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  • Teachers Now Lack Faith In Common Core Too

    One day after a poll showing that a plurality of parents split opinions on Common Core, another survey by Gallup shows that public school teachers are having major doubts about the new multistate education standards as well.

    According to Gallup’s survey, only 41 percent of teachers view Common Core very or somewhat positively.

    That’s less than the 44 percent who view it very or somewhat negatively (16 percent have no opinion). After accounting for the margin of error, the poll essentially measures a tie between supporters and opponents of the standards.

    That’s a bad sign for Common Core supporters, however, who have fought to defend the standards from a rising tide of opposition by emphasizing their popularity with professional educators. Those who know the most about the standards, they say, are the most enthusiastic about them. If teachers are no more upbeat on Common Core than parents, that claim holds less water.

    Supporters can take heart, however, that in states that have progressed the farthest in implementing Common Core, teachers are more likely to view it favorably. In states where Common Core has been fully implemented already, 61 percent of teachers are favorable to it, and just 35 percent view it negatively.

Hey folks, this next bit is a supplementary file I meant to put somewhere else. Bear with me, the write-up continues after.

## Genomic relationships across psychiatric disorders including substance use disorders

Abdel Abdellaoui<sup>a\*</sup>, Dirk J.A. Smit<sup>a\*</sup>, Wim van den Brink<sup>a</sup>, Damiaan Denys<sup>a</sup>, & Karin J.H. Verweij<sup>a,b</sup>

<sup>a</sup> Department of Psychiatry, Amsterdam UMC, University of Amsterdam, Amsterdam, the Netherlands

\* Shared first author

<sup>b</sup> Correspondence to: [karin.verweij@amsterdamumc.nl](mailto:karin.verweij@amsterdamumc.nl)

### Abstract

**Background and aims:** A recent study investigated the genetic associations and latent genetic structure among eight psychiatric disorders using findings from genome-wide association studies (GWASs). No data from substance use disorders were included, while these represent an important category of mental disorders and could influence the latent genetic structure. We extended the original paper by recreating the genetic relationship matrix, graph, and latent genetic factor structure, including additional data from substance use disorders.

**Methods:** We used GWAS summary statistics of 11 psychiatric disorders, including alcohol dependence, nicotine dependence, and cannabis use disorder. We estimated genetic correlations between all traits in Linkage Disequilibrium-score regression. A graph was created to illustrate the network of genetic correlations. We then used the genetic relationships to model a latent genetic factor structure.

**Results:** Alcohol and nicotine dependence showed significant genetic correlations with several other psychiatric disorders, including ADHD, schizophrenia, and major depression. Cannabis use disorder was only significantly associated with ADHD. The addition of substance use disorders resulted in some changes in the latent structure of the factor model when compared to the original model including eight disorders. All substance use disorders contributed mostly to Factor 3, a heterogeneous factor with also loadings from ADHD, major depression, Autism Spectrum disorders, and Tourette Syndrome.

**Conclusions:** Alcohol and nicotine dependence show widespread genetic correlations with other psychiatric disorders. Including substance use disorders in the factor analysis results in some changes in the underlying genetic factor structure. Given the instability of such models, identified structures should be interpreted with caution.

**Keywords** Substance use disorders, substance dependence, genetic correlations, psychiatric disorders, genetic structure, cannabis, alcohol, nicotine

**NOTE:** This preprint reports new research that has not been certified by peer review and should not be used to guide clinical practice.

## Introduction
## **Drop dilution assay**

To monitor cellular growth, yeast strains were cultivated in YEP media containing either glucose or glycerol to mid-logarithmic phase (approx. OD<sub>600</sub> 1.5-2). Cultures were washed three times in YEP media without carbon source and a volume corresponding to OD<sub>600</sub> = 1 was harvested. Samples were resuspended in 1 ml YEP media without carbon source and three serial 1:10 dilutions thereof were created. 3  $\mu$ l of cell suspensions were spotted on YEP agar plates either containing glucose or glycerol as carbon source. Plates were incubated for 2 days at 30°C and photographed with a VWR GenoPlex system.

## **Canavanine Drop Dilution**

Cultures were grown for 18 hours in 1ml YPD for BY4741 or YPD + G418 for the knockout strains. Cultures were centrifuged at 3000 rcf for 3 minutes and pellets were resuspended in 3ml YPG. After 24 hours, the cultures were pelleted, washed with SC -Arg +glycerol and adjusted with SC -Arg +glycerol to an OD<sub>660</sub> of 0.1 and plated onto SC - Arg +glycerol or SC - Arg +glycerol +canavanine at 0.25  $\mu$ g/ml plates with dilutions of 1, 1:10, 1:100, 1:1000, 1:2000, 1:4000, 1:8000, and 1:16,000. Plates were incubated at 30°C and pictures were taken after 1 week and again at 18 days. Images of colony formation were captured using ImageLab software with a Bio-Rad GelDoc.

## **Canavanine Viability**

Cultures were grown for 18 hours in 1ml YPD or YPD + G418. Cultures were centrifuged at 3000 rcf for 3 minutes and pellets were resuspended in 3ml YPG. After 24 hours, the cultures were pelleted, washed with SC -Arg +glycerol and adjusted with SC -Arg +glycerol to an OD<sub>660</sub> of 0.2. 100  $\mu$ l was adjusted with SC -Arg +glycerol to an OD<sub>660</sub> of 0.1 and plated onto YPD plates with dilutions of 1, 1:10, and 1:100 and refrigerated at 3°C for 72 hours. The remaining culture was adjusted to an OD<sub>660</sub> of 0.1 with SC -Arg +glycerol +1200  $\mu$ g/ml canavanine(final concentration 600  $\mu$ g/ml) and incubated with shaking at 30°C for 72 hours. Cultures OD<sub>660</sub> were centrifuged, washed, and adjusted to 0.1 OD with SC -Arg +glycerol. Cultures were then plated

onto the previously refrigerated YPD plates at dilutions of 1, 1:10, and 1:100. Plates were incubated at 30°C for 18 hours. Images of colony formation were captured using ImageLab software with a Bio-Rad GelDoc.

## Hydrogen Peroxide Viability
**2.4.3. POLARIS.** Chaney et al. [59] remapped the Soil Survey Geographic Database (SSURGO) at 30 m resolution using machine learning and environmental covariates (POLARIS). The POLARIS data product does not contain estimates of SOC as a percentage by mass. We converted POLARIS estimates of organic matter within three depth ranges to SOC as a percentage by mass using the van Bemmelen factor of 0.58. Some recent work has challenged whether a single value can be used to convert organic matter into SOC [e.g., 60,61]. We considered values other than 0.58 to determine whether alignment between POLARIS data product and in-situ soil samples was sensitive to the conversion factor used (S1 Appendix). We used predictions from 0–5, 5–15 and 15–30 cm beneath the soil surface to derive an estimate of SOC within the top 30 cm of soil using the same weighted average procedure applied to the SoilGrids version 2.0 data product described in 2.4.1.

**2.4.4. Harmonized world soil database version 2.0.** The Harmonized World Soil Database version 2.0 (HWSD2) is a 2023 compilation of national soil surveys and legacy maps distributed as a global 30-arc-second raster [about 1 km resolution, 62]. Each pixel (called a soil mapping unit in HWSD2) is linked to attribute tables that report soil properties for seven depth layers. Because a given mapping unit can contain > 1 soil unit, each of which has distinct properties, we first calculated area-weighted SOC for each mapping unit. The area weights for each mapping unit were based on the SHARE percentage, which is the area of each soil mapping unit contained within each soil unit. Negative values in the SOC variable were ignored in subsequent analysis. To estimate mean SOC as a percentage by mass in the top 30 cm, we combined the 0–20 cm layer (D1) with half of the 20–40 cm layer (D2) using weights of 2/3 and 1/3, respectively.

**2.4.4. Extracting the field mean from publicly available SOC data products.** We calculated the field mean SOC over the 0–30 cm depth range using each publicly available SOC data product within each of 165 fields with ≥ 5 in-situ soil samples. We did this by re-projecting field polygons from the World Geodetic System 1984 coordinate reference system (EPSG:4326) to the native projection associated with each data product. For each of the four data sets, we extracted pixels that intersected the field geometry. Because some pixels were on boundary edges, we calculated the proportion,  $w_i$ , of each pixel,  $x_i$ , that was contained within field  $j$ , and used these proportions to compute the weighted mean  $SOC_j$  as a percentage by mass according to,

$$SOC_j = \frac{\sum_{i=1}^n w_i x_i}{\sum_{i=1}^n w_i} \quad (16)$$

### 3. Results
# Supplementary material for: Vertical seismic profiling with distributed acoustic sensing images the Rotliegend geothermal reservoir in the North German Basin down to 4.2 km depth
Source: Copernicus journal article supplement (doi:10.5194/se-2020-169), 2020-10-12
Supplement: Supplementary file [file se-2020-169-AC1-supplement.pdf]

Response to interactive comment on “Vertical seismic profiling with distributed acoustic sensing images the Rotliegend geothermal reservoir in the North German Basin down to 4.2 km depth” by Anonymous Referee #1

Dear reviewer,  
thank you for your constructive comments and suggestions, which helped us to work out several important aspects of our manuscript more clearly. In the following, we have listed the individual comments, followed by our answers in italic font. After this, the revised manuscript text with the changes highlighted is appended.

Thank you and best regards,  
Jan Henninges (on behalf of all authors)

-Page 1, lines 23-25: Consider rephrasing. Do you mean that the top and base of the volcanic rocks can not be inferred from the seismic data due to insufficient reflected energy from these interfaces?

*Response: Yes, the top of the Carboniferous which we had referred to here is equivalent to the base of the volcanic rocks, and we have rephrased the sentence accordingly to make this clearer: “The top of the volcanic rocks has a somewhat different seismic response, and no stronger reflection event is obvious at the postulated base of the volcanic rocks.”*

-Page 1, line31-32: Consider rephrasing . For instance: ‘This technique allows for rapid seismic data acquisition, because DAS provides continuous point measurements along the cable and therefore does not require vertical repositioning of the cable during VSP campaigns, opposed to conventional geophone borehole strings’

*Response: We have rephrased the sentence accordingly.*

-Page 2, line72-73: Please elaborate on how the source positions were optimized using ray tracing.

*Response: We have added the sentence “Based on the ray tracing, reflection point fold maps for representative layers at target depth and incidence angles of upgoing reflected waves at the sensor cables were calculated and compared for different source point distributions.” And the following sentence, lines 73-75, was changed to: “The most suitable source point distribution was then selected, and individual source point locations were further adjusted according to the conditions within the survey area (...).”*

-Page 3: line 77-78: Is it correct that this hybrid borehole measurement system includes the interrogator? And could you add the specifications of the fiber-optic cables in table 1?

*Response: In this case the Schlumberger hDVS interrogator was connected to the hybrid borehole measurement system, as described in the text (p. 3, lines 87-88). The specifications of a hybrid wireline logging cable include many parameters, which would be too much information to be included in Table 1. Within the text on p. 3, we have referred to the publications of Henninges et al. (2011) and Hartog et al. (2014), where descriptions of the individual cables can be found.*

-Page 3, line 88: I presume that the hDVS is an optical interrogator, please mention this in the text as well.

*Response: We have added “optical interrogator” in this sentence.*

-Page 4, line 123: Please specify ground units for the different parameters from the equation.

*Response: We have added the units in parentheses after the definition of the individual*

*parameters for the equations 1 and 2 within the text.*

Where the implementation is still a work in progress, only 37 percent think positively of the Core, while 43 percent dislike it. In states that have never used Common Core or have abandoned it, only 26 percent view the standards positively and 59 percent view them negatively.

    Those numbers have supporters of the standards sticking to the narrative that familiarity with Common Core breeds support rather than contempt.

    “Teachers who have implemented the standards like the standards,” Michael J. Petrilli, president of the pro–Core Thomas B. Fordham Institute, told the Daily Caller News Foundation.

    However, it is also possible that Common Core’s stronger reception in states with full implementations simply reflects political realities, with states that are more enthusiastic for the standards also adopting them more swiftly.

    Interestingly, opinions differ sharply based on teachers’ grade levels. Elementary school teachers are the most positive on Common Core, with 43 percent viewing it positively and 41 percent negatively. Among high school teachers, however, the situation is reversed, with only 39 percent happy with Common Core and a hefty 49 percent viewing it negatively.

    Respondents to the poll had the opportunity to explain in a free response what they thought Common Core’s best and worst aspects were. While Common Core has been touted by supporters for allegedly being more rigorous or encouraging greater critical thinking, 56 percent of teachers said the best aspect of Common Core has nothing to do with its content at all. Instead, they say Common Core’s supreme feature is that it makes standards identical between states, something they view as good regardless of what the standards actually are.

    On Common Core’s negative aspects, teachers were far more divided, with five different criticisms garnering between 10 and 15 percent of responses. Teachers faulted Common Core for being unrealistic, for being badly implemented, for placing too much emphasis on standardized tests, and for creating a “one size fits all” approach that hurts student achievement.

    The survey was conducted from Aug. 11 through Sept. 7, and had a sample size of 854 public K-12 teachers. The margin of error was plus or minus 5 percentage points.

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